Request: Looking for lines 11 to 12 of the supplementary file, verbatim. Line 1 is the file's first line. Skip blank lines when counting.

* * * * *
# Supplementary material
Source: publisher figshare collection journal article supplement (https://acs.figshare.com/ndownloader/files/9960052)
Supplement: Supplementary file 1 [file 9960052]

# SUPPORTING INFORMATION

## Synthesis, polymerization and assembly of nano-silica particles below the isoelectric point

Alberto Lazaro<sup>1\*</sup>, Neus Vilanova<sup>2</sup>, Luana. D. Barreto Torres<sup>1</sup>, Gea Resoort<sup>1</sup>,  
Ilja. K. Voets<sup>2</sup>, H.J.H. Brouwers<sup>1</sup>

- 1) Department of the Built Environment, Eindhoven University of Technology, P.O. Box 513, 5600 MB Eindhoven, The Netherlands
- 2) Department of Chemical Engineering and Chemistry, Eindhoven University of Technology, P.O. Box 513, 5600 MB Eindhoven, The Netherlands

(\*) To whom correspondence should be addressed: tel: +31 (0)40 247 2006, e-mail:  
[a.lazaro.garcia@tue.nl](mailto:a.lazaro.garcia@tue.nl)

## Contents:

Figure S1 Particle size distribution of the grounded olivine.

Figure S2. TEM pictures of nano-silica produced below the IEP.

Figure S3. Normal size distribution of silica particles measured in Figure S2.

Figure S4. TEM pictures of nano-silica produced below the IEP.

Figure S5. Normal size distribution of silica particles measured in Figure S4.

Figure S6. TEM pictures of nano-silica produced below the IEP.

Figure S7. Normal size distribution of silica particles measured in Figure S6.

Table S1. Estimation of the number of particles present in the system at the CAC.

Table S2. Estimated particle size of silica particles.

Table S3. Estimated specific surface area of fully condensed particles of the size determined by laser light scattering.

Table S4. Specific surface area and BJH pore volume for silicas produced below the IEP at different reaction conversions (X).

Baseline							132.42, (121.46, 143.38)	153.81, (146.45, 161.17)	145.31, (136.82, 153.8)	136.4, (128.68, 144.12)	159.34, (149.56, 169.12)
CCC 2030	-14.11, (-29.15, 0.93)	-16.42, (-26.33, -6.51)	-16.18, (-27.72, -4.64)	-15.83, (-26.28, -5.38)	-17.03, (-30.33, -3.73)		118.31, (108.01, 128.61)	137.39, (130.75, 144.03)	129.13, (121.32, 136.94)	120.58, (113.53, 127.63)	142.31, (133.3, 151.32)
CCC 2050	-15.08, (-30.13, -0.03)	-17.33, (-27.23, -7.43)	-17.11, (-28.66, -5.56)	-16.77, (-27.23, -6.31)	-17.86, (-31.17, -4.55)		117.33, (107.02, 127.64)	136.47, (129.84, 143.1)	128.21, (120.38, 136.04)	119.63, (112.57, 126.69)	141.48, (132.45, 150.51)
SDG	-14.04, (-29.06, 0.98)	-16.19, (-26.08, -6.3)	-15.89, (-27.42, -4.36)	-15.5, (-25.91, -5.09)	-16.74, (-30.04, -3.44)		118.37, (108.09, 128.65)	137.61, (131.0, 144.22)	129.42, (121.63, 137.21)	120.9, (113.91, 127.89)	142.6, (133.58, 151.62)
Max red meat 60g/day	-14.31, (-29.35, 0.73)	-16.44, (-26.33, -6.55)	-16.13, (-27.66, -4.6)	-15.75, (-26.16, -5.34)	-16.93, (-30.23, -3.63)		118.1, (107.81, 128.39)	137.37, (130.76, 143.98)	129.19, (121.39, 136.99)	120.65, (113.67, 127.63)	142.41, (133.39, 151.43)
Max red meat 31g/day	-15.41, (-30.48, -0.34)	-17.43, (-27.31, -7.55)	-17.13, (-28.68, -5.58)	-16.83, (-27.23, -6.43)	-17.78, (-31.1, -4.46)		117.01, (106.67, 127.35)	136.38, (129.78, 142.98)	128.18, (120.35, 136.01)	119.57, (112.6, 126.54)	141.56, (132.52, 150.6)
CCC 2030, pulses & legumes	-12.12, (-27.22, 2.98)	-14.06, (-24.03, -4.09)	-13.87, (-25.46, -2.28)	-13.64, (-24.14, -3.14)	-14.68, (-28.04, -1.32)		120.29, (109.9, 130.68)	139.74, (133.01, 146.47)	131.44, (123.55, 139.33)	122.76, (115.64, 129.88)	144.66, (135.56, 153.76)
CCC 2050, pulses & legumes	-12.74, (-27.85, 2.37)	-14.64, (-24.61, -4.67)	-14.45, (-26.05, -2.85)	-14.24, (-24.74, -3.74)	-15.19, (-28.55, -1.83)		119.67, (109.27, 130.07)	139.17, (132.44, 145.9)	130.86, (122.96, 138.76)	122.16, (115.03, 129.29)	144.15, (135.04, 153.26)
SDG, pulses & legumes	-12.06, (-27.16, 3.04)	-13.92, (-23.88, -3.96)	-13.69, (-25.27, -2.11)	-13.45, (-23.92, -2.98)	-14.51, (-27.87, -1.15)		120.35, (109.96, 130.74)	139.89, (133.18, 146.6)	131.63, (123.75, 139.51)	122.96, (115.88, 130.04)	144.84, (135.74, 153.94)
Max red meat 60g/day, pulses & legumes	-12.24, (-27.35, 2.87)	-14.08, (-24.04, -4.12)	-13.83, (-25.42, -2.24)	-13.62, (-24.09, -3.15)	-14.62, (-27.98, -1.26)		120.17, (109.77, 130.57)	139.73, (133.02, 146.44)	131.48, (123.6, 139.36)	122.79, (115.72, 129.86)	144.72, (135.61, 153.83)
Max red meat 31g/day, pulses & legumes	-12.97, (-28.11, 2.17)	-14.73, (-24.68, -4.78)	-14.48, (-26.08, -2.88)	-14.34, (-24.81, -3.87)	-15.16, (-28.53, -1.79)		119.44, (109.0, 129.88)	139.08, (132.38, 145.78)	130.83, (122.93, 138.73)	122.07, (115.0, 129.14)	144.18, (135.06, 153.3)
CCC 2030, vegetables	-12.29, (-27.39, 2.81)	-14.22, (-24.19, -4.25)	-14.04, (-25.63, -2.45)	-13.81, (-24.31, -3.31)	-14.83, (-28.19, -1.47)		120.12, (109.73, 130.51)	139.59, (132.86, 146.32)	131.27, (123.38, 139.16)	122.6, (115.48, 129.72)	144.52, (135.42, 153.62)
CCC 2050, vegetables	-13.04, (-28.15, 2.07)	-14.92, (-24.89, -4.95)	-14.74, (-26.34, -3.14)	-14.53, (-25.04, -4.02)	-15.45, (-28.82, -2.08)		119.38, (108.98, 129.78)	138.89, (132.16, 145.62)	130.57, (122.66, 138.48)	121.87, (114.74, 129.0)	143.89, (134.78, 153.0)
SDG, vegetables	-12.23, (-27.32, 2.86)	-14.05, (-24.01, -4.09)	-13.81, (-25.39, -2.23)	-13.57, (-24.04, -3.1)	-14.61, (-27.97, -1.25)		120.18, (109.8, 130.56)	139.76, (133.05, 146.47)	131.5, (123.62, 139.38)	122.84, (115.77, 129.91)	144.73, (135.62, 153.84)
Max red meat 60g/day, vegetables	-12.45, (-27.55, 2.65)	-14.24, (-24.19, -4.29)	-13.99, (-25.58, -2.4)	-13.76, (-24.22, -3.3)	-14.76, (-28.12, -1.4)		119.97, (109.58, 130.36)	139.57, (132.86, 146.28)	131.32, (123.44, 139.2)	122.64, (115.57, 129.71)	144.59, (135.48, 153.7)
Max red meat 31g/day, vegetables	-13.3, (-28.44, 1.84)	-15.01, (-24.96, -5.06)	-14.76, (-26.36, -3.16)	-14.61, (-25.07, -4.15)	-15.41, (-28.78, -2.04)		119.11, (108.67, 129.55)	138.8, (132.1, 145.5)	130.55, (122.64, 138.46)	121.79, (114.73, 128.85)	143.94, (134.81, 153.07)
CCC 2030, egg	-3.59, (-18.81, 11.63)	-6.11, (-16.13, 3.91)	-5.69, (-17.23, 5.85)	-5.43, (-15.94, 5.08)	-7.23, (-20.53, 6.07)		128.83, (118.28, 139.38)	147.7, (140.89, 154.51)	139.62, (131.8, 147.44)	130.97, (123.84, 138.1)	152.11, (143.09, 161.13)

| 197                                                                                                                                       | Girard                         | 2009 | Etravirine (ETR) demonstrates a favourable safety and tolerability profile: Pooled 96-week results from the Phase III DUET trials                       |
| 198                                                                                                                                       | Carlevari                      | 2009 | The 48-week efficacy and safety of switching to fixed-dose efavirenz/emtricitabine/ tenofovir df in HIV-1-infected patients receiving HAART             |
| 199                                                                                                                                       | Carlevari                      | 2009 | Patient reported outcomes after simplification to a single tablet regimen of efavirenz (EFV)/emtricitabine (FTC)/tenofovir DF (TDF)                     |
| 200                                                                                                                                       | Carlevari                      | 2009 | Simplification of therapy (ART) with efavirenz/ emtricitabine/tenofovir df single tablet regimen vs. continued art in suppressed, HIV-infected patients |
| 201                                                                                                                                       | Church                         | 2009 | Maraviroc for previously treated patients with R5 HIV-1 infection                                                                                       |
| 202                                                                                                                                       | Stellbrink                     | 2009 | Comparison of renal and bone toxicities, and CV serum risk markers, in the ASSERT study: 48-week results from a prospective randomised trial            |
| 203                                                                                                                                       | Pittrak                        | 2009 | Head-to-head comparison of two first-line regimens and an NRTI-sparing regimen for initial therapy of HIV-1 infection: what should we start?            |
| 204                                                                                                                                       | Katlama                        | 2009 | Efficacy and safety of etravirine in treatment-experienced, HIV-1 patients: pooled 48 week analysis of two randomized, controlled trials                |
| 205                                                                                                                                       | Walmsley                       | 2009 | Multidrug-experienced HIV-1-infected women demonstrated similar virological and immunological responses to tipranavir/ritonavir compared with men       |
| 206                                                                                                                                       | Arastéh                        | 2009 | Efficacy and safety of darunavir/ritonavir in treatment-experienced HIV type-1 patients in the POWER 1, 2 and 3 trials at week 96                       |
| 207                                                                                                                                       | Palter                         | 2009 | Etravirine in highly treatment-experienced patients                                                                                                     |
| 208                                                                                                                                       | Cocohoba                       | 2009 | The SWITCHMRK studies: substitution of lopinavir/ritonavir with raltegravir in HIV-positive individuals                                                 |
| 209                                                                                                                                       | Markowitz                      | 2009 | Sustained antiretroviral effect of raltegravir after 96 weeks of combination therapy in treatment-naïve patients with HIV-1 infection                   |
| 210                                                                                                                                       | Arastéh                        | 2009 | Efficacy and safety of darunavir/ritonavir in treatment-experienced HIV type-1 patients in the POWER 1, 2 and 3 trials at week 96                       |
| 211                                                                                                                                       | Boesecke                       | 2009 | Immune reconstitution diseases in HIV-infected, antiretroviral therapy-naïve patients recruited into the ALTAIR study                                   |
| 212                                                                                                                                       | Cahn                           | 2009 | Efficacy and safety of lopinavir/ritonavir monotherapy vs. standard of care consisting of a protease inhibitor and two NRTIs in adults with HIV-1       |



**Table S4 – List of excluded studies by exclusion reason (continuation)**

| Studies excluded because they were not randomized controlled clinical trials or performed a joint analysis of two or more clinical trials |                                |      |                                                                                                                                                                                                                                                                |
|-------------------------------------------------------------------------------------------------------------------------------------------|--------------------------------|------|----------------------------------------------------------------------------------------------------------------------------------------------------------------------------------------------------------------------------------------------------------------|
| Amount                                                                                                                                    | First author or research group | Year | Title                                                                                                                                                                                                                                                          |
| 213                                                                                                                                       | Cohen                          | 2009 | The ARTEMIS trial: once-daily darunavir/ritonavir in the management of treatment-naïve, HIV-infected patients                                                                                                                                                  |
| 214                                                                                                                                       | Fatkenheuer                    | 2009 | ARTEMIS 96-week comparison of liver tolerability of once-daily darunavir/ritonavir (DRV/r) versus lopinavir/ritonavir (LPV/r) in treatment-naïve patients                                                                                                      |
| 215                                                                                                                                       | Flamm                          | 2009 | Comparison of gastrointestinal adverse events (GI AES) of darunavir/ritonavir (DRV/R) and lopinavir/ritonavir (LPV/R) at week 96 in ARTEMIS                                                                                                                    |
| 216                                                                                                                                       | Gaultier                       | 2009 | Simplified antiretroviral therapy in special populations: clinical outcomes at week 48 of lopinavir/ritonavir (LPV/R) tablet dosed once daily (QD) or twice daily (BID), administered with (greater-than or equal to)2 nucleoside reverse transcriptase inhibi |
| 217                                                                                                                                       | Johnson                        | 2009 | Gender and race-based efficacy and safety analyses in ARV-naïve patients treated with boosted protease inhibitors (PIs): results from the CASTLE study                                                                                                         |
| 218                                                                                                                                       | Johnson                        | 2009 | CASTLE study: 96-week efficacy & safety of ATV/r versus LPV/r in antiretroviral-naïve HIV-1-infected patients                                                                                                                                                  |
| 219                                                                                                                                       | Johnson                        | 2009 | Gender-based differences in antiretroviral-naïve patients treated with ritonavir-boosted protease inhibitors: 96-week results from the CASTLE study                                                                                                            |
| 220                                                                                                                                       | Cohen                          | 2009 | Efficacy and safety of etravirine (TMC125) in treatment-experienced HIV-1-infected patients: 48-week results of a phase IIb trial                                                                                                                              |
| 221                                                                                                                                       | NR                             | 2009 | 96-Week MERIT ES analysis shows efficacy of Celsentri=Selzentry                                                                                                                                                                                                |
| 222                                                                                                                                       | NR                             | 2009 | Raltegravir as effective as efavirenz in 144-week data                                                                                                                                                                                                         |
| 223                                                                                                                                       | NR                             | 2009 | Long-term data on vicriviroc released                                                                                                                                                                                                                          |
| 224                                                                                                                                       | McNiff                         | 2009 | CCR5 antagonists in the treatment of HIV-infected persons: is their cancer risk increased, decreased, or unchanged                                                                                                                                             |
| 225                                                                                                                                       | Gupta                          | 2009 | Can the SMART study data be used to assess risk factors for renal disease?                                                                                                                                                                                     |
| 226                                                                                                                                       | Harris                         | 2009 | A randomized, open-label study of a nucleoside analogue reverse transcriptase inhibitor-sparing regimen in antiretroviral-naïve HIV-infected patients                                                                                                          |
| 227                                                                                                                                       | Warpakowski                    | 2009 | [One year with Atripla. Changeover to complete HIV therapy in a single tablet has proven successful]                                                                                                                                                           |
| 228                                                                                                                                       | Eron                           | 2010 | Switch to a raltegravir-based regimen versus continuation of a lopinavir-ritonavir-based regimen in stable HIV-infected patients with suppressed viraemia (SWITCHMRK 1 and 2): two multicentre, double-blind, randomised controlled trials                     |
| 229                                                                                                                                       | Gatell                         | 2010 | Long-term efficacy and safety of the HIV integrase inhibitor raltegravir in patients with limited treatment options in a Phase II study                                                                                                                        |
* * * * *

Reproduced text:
[a.lazaro.garcia@tue.nl](mailto:a.lazaro.garcia@tue.nl)

## Contents: